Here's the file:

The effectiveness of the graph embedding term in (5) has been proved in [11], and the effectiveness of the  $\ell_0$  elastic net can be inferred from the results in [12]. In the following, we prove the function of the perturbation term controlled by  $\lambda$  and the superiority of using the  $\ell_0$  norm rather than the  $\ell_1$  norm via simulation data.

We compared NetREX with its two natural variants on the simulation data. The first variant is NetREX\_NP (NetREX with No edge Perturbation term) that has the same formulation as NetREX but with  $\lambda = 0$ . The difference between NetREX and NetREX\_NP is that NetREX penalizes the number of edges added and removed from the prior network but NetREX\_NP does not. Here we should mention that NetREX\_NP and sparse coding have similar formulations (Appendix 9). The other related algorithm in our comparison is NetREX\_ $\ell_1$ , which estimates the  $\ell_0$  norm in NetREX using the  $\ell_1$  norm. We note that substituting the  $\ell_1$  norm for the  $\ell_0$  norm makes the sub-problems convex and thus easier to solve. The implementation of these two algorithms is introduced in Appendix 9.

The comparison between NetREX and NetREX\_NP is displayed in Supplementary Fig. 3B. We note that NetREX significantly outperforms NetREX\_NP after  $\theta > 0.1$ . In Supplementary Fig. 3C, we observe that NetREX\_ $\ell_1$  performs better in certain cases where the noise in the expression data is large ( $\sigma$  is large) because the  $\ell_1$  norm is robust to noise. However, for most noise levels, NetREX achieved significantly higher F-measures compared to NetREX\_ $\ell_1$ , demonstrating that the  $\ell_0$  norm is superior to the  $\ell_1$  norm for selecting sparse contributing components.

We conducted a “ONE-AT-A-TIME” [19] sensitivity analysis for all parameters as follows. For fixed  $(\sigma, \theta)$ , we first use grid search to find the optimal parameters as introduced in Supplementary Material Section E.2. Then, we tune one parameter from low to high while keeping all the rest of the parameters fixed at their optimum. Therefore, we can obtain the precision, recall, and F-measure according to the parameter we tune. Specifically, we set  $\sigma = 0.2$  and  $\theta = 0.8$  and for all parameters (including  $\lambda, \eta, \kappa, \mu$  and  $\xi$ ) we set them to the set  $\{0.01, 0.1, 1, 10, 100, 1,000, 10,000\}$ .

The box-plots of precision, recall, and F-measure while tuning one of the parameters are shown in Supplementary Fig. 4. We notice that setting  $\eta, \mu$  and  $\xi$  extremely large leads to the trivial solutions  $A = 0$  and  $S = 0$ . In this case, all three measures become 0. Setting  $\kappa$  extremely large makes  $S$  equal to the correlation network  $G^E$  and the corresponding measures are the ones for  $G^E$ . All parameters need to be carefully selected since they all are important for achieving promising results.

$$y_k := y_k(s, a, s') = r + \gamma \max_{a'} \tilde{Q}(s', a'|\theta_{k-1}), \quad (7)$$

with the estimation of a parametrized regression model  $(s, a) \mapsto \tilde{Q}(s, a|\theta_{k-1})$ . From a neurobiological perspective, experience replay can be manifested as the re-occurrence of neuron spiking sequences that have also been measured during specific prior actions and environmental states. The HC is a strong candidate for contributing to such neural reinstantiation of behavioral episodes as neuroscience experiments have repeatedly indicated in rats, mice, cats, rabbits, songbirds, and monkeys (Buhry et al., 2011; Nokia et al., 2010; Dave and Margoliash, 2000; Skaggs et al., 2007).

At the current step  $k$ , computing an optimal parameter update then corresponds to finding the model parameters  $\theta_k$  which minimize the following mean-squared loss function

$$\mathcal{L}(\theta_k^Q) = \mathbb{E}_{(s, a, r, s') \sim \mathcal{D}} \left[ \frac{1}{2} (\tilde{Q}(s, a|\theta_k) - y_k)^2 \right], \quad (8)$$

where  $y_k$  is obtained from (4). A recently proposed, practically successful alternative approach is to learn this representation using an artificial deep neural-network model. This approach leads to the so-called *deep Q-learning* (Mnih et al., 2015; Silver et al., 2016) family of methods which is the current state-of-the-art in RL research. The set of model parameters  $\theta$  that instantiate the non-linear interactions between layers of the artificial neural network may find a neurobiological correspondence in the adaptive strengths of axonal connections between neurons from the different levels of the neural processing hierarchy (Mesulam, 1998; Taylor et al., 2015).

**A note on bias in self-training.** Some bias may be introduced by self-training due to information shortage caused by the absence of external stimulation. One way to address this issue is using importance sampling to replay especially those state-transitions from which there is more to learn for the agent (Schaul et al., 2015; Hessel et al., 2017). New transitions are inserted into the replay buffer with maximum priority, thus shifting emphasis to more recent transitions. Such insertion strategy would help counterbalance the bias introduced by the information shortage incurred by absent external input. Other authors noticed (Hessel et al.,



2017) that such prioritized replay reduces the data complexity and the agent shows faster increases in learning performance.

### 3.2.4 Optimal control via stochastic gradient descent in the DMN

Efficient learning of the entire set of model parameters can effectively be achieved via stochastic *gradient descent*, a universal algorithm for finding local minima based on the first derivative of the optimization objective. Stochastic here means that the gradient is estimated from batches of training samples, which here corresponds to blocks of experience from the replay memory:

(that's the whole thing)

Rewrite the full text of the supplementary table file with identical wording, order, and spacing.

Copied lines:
The effectiveness of the graph embedding term in (5) has been proved in [11], and the effectiveness of the  $\ell_0$  elastic net can be inferred from the results in [12]. In the following, we prove the function of the perturbation term controlled by  $\lambda$  and the superiority of using the  $\ell_0$  norm rather than the  $\ell_1$  norm via simulation data.

We compared NetREX with its two natural variants on the simulation data. The first variant is NetREX\_NP (NetREX with No edge Perturbation term) that has the same formulation as NetREX but with  $\lambda = 0$ . The difference between NetREX and NetREX\_NP is that NetREX penalizes the number of edges added and removed from the prior network but NetREX\_NP does not. Here we should mention that NetREX\_NP and sparse coding have similar formulations (Appendix 9). The other related algorithm in our comparison is NetREX\_ $\ell_1$ , which estimates the  $\ell_0$  norm in NetREX using the  $\ell_1$  norm. We note that substituting the  $\ell_1$  norm for the  $\ell_0$  norm makes the sub-problems convex and thus easier to solve. The implementation of these two algorithms is introduced in Appendix 9.

The comparison between NetREX and NetREX\_NP is displayed in Supplementary Fig. 3B. We note that NetREX significantly outperforms NetREX\_NP after  $\theta > 0.1$ . In Supplementary Fig. 3C, we observe that NetREX\_ $\ell_1$  performs better in certain cases where the noise in the expression data is large ( $\sigma$  is large) because the  $\ell_1$  norm is robust to noise. However, for most noise levels, NetREX achieved significantly higher F-measures compared to NetREX\_ $\ell_1$ , demonstrating that the  $\ell_0$  norm is superior to the  $\ell_1$  norm for selecting sparse contributing components.

We conducted a “ONE-AT-A-TIME” [19] sensitivity analysis for all parameters as follows. For fixed  $(\sigma, \theta)$ , we first use grid search to find the optimal parameters as introduced in Supplementary Material Section E.2. Then, we tune one parameter from low to high while keeping all the rest of the parameters fixed at their optimum. Therefore, we can obtain the precision, recall, and F-measure according to the parameter we tune. Specifically, we set  $\sigma = 0.2$  and  $\theta = 0.8$  and for all parameters (including  $\lambda, \eta, \kappa, \mu$  and  $\xi$ ) we set them to the set  $\{0.01, 0.1, 1, 10, 100, 1,000, 10,000\}$ .

The box-plots of precision, recall, and F-measure while tuning one of the parameters are shown in Supplementary Fig. 4. We notice that setting  $\eta, \mu$  and  $\xi$  extremely large leads to the trivial solutions  $A = 0$  and  $S = 0$ . In this case, all three measures become 0. Setting  $\kappa$  extremely large makes  $S$  equal to the correlation network  $G^E$  and the corresponding measures are the ones for  $G^E$ . All parameters need to be carefully selected since they all are important for achieving promising results.

$$y_k := y_k(s, a, s') = r + \gamma \max_{a'} \tilde{Q}(s', a'|\theta_{k-1}), \quad (7)$$

with the estimation of a parametrized regression model  $(s, a) \mapsto \tilde{Q}(s, a|\theta_{k-1})$ . From a neurobiological perspective, experience replay can be manifested as the re-occurrence of neuron spiking sequences that have also been measured during specific prior actions and environmental states. The HC is a strong candidate for contributing to such neural reinstantiation of behavioral episodes as neuroscience experiments have repeatedly indicated in rats, mice, cats, rabbits, songbirds, and monkeys (Buhry et al., 2011; Nokia et al., 2010; Dave and Margoliash, 2000; Skaggs et al., 2007).

At the current step  $k$ , computing an optimal parameter update then corresponds to finding the model parameters  $\theta_k$  which minimize the following mean-squared loss function

$$\mathcal{L}(\theta_k^Q) = \mathbb{E}_{(s, a, r, s') \sim \mathcal{D}} \left[ \frac{1}{2} (\tilde{Q}(s, a|\theta_k) - y_k)^2 \right], \quad (8)$$

where  $y_k$  is obtained from (4). A recently proposed, practically successful alternative approach is to learn this representation using an artificial deep neural-network model. This approach leads to the so-called *deep Q-learning* (Mnih et al., 2015; Silver et al., 2016) family of methods which is the current state-of-the-art in RL research. The set of model parameters  $\theta$  that instantiate the non-linear interactions between layers of the artificial neural network may find a neurobiological correspondence in the adaptive strengths of axonal connections between neurons from the different levels of the neural processing hierarchy (Mesulam, 1998; Taylor et al., 2015).

**A note on bias in self-training.** Some bias may be introduced by self-training due to information shortage caused by the absence of external stimulation. One way to address this issue is using importance sampling to replay especially those state-transitions from which there is more to learn for the agent (Schaul et al., 2015; Hessel et al., 2017). New transitions are inserted into the replay buffer with maximum priority, thus shifting emphasis to more recent transitions. Such insertion strategy would help counterbalance the bias introduced by the information shortage incurred by absent external input. Other authors noticed (Hessel et al.,



2017) that such prioritized replay reduces the data complexity and the agent shows faster increases in learning performance.

### 3.2.4 Optimal control via stochastic gradient descent in the DMN

Efficient learning of the entire set of model parameters can effectively be achieved via stochastic *gradient descent*, a universal algorithm for finding local minima based on the first derivative of the optimization objective. Stochastic here means that the gradient is estimated from batches of training samples, which here corresponds to blocks of experience from the replay memory: